Anarchist ideas emerged in a wider frame of reference beginning with the American Civil Rights Movement of the 1950s, which aimed to resist injustice through the tactic of civil disobedience. In the 1960s and ’70s a new radicalism took root among students and the left in general in the United States, Europe, and Japan, embracing a general criticism of “elitist” power structures and the materialist values of modern industrial societies—both capitalist and communist. For these radicals, who rejected the traditional parties of the left as strongly as they did the existing political structure, the appeal of anarchism was strong. The general anarchist outlook—with its emphasis on spontaneity, theoretical flexibility, simplicity of life, and the importance of love and anger as complementary and necessary components in both social and individual action—attracted those who opposed impersonal political institutions and the calculations of older parties. The anarchist rejection of the state, and the insistence on decentralism and local autonomy, found strong echoes among those who advocated participatory democracy. The anarchist insistence on direct action was reflected in calls for extra parliamentary action and violent confrontation by some student groups in France, the United States, and Japan. Anarchists also took up issues related to feminism and developed a rich body of work, known as anarcha-feminism, that applied anarchist principles to the analysis of women’s oppression, arguing that the state is inherently patriarchal and that women’s experience as nurturers and caregivers reflects the anarchist ideals of mutuality and the rejection of hierarchy and authority.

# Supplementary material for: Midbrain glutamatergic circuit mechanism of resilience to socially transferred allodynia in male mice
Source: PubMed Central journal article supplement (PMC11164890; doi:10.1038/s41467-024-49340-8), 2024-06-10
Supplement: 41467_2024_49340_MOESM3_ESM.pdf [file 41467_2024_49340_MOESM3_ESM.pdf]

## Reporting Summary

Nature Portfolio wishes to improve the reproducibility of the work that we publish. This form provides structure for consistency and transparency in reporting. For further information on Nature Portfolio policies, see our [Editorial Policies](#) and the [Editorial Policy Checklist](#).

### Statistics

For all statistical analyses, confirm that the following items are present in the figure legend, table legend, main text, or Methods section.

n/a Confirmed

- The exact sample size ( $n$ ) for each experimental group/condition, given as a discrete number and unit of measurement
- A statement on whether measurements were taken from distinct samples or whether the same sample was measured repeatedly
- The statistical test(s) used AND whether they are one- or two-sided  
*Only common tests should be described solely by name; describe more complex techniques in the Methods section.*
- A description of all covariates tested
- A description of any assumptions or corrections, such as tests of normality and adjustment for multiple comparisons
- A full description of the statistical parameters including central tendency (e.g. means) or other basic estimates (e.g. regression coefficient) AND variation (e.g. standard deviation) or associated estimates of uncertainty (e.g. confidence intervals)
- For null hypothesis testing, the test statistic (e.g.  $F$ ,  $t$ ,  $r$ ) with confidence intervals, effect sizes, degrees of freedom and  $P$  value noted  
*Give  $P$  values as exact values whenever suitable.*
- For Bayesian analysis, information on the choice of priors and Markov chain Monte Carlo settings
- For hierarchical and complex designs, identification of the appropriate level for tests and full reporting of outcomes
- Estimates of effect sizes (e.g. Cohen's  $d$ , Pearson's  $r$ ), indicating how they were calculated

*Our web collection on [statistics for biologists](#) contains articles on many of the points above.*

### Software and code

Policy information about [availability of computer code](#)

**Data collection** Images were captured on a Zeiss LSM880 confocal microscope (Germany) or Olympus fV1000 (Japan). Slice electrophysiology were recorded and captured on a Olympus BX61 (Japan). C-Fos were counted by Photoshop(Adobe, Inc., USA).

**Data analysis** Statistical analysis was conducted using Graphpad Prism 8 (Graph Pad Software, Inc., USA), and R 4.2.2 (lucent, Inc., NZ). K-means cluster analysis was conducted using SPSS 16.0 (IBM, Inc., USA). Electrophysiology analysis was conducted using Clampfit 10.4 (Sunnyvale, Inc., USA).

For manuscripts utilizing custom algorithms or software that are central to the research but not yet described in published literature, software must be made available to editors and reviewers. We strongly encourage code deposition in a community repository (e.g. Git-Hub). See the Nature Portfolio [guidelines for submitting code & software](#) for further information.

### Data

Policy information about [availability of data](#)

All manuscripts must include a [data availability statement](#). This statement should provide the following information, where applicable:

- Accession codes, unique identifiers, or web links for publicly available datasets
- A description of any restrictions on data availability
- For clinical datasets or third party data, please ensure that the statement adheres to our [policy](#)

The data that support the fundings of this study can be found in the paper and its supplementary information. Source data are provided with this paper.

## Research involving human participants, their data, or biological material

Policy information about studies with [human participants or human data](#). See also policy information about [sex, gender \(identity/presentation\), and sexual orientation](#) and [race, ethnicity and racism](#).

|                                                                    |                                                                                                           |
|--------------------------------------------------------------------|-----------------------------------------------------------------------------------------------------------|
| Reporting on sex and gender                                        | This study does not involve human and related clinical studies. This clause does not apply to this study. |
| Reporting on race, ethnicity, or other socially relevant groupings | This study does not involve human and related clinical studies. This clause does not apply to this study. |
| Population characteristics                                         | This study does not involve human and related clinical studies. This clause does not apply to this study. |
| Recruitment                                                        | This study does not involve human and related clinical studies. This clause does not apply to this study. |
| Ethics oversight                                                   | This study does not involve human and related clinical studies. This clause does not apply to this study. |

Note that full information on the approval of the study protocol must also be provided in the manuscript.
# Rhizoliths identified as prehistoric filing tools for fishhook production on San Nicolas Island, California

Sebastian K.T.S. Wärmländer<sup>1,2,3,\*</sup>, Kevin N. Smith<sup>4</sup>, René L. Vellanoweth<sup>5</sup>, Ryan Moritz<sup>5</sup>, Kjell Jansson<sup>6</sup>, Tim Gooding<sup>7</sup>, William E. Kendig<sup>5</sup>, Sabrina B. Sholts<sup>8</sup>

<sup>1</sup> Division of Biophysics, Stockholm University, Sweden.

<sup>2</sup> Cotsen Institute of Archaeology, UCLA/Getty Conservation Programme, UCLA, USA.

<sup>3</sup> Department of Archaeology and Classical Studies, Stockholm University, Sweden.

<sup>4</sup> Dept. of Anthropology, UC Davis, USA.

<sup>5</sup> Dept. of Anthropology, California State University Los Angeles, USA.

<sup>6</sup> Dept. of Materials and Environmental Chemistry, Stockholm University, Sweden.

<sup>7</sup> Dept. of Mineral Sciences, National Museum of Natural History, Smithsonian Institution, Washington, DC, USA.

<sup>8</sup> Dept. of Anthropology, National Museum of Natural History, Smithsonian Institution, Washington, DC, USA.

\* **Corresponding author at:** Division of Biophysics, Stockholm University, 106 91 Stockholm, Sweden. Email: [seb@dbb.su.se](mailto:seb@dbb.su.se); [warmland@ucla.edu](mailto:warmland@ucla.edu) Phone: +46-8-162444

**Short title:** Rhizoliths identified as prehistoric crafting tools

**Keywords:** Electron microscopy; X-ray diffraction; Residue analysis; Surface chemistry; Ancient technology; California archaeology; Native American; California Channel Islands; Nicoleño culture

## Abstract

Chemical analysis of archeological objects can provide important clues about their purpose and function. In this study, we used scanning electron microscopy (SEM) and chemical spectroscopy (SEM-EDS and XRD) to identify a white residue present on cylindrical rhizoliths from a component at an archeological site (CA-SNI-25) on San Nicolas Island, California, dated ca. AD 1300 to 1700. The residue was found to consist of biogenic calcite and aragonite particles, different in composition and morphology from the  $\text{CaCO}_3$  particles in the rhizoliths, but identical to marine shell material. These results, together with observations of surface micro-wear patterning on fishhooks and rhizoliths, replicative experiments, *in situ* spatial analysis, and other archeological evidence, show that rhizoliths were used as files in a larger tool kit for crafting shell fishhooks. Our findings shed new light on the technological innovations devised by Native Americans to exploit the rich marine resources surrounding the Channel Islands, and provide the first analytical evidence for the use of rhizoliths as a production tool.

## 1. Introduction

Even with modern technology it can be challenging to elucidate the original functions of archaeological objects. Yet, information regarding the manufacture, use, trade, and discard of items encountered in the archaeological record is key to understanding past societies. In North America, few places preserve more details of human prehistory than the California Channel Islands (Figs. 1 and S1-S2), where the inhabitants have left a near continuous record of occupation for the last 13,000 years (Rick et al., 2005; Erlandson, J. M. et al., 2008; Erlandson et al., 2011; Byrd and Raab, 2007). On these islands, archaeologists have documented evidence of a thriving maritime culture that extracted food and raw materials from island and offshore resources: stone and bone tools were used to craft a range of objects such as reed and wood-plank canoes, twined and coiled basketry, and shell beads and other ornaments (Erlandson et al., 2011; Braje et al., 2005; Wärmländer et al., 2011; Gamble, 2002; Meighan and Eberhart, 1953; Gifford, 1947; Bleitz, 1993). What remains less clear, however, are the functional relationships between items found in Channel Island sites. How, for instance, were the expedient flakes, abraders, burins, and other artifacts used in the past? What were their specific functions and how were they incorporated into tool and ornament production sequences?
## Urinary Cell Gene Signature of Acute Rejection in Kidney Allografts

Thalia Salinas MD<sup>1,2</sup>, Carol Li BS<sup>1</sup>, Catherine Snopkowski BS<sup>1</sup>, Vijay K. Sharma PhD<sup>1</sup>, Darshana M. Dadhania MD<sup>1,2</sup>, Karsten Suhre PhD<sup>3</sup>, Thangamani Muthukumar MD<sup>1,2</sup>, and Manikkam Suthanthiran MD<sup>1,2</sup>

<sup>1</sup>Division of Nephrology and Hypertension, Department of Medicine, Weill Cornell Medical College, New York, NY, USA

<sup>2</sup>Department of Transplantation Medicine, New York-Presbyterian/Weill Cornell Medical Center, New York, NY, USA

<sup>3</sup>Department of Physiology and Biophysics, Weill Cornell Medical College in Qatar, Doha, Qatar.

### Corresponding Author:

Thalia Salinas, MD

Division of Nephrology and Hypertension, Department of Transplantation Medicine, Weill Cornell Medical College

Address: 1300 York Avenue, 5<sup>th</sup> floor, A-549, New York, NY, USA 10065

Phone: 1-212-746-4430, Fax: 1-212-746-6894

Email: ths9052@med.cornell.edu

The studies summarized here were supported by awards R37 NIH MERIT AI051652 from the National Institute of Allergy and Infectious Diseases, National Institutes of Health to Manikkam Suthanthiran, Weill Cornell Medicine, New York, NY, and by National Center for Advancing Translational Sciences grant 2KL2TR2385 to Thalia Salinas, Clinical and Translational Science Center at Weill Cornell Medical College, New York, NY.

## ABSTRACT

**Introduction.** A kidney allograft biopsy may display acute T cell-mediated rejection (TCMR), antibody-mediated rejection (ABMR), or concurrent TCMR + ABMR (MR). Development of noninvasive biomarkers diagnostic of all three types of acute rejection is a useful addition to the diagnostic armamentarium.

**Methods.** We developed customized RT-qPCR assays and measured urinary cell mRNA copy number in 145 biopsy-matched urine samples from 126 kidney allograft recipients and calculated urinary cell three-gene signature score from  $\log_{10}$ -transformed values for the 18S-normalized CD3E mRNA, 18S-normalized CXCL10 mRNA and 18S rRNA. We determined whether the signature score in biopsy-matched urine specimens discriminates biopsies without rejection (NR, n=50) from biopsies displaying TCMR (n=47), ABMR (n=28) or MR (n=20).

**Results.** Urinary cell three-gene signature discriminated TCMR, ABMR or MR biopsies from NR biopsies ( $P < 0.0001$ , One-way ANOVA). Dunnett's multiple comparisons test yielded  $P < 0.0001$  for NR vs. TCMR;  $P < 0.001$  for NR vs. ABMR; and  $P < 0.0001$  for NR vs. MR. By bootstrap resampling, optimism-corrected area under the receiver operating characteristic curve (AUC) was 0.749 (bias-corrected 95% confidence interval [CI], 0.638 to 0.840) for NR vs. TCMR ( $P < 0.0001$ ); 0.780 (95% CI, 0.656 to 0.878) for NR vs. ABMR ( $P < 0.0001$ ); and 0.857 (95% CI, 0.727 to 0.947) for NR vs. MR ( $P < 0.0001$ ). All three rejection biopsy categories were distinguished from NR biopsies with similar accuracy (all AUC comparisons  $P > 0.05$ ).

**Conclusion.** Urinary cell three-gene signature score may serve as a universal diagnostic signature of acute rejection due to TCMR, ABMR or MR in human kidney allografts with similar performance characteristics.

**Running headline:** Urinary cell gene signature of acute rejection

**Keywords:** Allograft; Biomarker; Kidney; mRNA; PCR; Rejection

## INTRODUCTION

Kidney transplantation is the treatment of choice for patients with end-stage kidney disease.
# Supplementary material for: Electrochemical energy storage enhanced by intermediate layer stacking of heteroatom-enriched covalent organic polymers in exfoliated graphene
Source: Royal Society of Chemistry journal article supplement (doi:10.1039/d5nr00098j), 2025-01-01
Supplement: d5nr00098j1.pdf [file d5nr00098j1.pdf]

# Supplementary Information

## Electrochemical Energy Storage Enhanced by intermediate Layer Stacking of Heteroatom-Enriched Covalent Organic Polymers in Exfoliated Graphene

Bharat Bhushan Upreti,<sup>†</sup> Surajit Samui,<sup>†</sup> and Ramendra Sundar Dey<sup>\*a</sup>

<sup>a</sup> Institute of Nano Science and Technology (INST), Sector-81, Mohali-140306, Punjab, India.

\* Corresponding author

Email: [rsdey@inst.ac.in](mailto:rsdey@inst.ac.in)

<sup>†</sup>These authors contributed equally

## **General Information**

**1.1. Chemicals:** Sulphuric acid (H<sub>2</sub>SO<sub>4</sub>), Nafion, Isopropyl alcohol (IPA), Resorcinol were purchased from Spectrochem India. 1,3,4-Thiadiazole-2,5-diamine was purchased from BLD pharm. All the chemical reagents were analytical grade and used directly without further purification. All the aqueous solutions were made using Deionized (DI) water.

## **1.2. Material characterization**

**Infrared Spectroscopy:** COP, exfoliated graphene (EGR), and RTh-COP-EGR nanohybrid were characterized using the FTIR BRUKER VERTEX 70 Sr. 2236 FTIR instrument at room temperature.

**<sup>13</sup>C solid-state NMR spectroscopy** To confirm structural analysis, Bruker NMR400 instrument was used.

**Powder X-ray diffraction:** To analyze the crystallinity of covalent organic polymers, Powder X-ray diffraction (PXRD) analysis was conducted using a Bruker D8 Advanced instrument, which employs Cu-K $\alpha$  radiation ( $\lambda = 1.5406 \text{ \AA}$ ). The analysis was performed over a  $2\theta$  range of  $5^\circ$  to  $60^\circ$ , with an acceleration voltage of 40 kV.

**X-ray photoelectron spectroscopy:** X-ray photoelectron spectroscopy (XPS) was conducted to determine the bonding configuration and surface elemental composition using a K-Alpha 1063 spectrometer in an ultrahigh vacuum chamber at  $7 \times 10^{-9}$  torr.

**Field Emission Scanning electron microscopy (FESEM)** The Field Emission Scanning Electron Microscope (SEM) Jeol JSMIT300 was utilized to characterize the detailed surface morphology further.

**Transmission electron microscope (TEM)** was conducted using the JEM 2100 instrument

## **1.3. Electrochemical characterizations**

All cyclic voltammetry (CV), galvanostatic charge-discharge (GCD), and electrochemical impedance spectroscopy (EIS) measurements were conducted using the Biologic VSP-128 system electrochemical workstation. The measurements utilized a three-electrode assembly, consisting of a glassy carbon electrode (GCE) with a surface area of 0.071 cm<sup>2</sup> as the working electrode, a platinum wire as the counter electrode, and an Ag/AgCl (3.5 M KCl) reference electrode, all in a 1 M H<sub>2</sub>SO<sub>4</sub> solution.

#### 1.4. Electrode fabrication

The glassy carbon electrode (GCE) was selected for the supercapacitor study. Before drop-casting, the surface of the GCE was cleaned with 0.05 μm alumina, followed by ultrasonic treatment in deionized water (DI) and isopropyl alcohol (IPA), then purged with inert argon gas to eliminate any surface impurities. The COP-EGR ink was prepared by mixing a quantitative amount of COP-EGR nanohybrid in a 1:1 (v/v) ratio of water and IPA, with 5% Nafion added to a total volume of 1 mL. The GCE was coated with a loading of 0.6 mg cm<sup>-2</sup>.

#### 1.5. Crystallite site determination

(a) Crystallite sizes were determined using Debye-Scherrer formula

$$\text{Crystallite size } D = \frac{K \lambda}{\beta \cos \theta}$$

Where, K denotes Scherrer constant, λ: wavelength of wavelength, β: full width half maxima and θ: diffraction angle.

The most prevalent current in anarchist thinking during the last two decades of the 20th century (at least in the United States) was an eclectic, countercultural mixture of theories reflecting a wide range of artistic, literary, political, and philosophical influences, including Dada, Surrealism, and Situationism; the writers of the Beat movement; the Frankfurt School of Marxist-oriented social and political philosophers—especially Herbert Marcuse—and post-structuralist and postmodern philosophy and literary theory, in particular the work of the French philosopher and historian Michel Foucault.

Contemporary anarchism has some important differences, but also a great deal of continuity, with historical anarchism. Where it focuses on building an alternative in the “interstices” of capitalism, it accommodates to, rather than challenges, capitalism; and where it fetishizes street tactics, it generates more press than tangible success in either building the struggle or in challenging the state.But struggle teaches, and those anarchists most engaged in struggle and most concerned with finding the most effective means of winning a better world are looking for alternative ideas to make sense of the crises around us. Marxists and these anarchists should stand shoulder-to-shoulder in every aspect of struggle, whether fighting evictions, the far right, or budget cuts. And serious revolutionaries must consider what tactics will strengthen the movement and its chances of victory. Foolish acts of vandalism by unaccountable individuals only serve to disrupt and weaken the movement, and the best anarchists recognize this.